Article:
Over the past year, I have been trying to learn everything I can about the history of the St. Lucie Canal. Details are hard to find, especially because the canal has served two masters: Florida’s Everglades Drainage District (1916-1930) and the USA’s Army Corps of Engineers (1930 to present).
I would be remiss if I did not thank the South Florida Water Management District and the Army Corps of Engineers for making many outstanding and rare historical documents available to me.
In light of next year’s 2024 “100 Year Anniversary” of the St. Luice Canal, it is my hope that with sufficient access to historical documentation, the present and following generations will continue work to undo the massive ecological damage of the St. Luice Canal; this can only be accomplished with full understanding of its history.
Today, I focus on an ACOE 1954 document entitled:
Basic Considerations, Partial Definite Project Report, Central and Southern Florida Project For Flood Control and Other Purposes, Part IV, Lake Okeechobee and Outlets, Supplement 4–Design Memorandum, Effects of Fresh-Water Discharges Through St. Lucie Canal
The succinct history in this slender document really helps give insight into my previous post, The Great Rain of 1924 and the Postponement of the St. Luice Canal. The Storm of 1924, that occurred in October of the year the canal was “completed” caused serious damage to the St. Lucie Canal and was then followed by famously destructive hurricanes of 1926 and 1928 and then another serious storm in 1930. After such a run of Mother Nature’s wrath, the canal that had been built as the primary control outlet for Lake Okeechobee became too much for the state and thus the federal government took over.
In an alternate universe of my dreams, the St. Lucie Canal was overcome by Mother Nature. She shoaled in the manmade cut through her upland pine and pond cypress forests with the raging waters of Allapattah Flats. Lake Okeechobee was never diked and flows free as God intended. Wildlife abounds. Ofcouse that is not what happened, Humankind, the great controller, had another plan, and thus our world today…
Begin transcription of ACOE document:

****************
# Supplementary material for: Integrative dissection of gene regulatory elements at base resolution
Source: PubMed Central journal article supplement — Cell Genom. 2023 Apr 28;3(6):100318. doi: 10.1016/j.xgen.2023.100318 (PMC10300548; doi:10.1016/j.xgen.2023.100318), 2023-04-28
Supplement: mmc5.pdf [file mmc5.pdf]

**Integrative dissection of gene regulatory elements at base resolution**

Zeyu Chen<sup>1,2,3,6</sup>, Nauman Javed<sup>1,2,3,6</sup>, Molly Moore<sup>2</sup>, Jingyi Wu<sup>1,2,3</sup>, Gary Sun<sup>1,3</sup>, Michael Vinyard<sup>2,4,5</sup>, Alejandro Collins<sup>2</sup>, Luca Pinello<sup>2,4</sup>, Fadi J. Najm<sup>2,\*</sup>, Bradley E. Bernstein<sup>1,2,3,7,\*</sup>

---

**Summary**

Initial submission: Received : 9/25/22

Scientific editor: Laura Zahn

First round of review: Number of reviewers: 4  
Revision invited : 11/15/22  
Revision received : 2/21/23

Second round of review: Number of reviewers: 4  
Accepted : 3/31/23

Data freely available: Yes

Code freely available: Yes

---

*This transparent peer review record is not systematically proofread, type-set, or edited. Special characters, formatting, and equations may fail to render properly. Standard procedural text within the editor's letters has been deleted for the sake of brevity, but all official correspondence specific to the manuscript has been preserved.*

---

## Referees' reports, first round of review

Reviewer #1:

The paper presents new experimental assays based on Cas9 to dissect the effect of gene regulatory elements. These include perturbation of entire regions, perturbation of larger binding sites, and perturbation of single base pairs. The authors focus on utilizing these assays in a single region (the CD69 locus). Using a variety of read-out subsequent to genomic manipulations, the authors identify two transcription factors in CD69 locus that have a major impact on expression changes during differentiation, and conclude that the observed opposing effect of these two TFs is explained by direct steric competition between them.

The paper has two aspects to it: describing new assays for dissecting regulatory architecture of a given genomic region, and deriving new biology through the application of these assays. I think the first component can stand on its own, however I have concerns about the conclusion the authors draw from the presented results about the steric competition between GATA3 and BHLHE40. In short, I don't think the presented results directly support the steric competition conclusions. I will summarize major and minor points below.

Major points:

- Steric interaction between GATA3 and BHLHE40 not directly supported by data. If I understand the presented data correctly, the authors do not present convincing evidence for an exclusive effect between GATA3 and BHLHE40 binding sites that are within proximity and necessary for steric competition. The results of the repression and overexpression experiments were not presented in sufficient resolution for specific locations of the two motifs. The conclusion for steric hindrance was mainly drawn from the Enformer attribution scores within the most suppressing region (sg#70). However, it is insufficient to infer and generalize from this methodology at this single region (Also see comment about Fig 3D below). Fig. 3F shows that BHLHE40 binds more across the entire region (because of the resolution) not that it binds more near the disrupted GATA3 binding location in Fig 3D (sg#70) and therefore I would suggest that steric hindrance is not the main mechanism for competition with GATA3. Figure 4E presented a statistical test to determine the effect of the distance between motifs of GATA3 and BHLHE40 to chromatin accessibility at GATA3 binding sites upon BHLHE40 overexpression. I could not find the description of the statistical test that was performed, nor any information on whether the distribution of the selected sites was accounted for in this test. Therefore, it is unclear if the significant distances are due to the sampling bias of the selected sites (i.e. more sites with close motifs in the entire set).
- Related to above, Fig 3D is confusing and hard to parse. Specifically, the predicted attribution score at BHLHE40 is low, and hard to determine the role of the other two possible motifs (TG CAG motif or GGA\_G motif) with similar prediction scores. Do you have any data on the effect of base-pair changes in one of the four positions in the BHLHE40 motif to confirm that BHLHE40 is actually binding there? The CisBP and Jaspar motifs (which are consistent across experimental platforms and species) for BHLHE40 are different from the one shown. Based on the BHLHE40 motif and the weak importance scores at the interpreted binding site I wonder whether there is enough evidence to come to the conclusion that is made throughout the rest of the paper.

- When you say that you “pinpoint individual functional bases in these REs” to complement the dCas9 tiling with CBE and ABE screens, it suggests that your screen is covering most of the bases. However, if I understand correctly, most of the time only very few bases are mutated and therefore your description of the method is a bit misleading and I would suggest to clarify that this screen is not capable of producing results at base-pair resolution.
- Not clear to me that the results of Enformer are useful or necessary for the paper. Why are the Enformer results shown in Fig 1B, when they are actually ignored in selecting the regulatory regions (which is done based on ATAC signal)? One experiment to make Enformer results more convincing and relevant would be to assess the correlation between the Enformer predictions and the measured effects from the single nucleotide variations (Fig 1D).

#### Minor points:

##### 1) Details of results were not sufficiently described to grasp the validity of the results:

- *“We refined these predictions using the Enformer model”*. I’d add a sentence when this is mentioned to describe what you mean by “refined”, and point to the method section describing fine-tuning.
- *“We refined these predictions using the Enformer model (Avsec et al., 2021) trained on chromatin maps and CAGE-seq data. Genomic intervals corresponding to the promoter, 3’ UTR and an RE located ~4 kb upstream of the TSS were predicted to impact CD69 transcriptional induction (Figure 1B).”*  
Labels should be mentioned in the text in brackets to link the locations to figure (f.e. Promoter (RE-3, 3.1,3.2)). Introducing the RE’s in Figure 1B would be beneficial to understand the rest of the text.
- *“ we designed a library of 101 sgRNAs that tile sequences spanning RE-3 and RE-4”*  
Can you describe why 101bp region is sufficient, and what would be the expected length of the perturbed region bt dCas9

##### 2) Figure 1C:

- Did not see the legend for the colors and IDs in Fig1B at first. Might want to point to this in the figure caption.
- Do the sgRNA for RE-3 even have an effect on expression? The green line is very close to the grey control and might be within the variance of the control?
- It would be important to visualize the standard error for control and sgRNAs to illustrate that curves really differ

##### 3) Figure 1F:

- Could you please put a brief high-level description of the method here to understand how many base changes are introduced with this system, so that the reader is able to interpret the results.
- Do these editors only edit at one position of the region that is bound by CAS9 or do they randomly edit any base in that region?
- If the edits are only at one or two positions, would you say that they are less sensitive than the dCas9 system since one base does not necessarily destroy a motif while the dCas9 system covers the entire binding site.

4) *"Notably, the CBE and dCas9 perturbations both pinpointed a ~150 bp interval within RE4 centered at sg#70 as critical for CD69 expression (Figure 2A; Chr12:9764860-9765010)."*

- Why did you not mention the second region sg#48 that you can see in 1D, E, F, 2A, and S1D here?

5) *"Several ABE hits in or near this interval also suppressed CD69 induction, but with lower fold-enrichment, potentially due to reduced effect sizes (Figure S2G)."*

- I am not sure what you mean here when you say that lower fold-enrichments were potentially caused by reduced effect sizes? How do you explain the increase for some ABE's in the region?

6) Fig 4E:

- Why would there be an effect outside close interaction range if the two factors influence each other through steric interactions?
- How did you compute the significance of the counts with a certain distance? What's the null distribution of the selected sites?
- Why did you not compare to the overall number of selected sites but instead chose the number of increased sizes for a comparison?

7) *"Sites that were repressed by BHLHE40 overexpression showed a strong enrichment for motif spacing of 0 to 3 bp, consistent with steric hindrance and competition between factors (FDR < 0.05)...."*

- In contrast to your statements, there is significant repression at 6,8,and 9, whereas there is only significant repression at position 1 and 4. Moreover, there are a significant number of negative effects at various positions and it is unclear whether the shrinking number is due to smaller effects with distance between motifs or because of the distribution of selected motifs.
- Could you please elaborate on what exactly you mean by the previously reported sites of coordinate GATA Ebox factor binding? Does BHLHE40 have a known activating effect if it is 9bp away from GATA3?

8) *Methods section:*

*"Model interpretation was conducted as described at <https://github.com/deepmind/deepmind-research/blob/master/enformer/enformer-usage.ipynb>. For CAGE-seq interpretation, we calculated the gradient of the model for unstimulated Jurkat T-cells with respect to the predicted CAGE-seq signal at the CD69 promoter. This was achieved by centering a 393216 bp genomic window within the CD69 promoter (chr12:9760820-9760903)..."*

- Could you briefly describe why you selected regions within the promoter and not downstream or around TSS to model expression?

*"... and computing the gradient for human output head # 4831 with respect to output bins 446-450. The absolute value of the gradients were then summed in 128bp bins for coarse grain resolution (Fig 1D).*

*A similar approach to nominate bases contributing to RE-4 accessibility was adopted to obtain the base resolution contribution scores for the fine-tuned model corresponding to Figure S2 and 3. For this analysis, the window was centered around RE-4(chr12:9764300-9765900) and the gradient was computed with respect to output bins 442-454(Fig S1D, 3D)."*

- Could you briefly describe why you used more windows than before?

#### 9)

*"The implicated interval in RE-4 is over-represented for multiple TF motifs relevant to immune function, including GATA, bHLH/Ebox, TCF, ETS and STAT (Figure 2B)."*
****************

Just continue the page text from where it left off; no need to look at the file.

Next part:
c. History–Surveys for a canal route which would allow excess water from Lake Okeechobee to be released in St. Lucie River were made as early as 1905; however, construction was not begun until 1916. The location chosen was selected because it presented the shortest and least expensive route to tidewater. Original construction of the canal to a capacity of 5,000 cubic feet a second with Lake Okeechobee at elevation 15.6 feet was practically complete in 1924 by the Everglades Drainage District. It was controlled by two dams, one near the lake and the other near the lower end. Local runoff from the storm of October 18-21, 1924, overtopped the spoil banks in several places, cut deep channels into the canal, and carried a million yards of eroded material into the channel. The channel capacity was reduced to about 70 percent of the 5,000 cubic feet a second design flow. The spillway at the lower end of the canal was not opened prior to the storm and a channel about 65 feet wide was washed out around the dam down to a bottom elevation of -4 feet. Serious shoaling from local inflow also resulted from the storms of 1926 and 1928. The design capacity of the canal became available after excavation by the drainage district of about 2,000,000 cubic yards of deposited material in 1927 and additional 1,000,000 cubic yards in 1928. However, sand bars formed during the storm of 1930 and channel capacity was again reduced. In 1930 the United States accepted control of Lake Okeechobee as an authorized project and since that date the canal has been maintained and operated by the Corps of Engineers. Construction of fixed spillways at 16 inflow points along the banks of St. Luice Canal was initiated in 1933 in order to prevent sediment from entering the canal. The locations of those spillways are shown on plate 1. Crest elevations were below natural ground but high enough to provide stilling basins in the wash channels upstream. A constricted section about 6,000 feet long, in which the bottom width was only 65 feet instead of 155 feet as designed, was left in the canal near the lower dam. In 1937 that construction was removed and the waterway improved to provide a navigation channel 6 feet deep. The River and Harbor Act of August 26, 1937, provided for replacement of obsolete structures at locks Nos. 1 and 2 in the canal by a new lock and spillway at the site of the lower dam. The main spillway was completed in 1944 except for the Trainter gates. Temporary wooden flashboards were used until the seven steel Trainter gates were installed in 1950. The canal was enlarged in 1949 to provide a navigable depth of 8 feet and a discharge capacity of about 9,000 cubic feet a second with lake stage at 15.6 feet.
Next post, I will continue with Section 5. “Discharges through St. Lucie Canal.”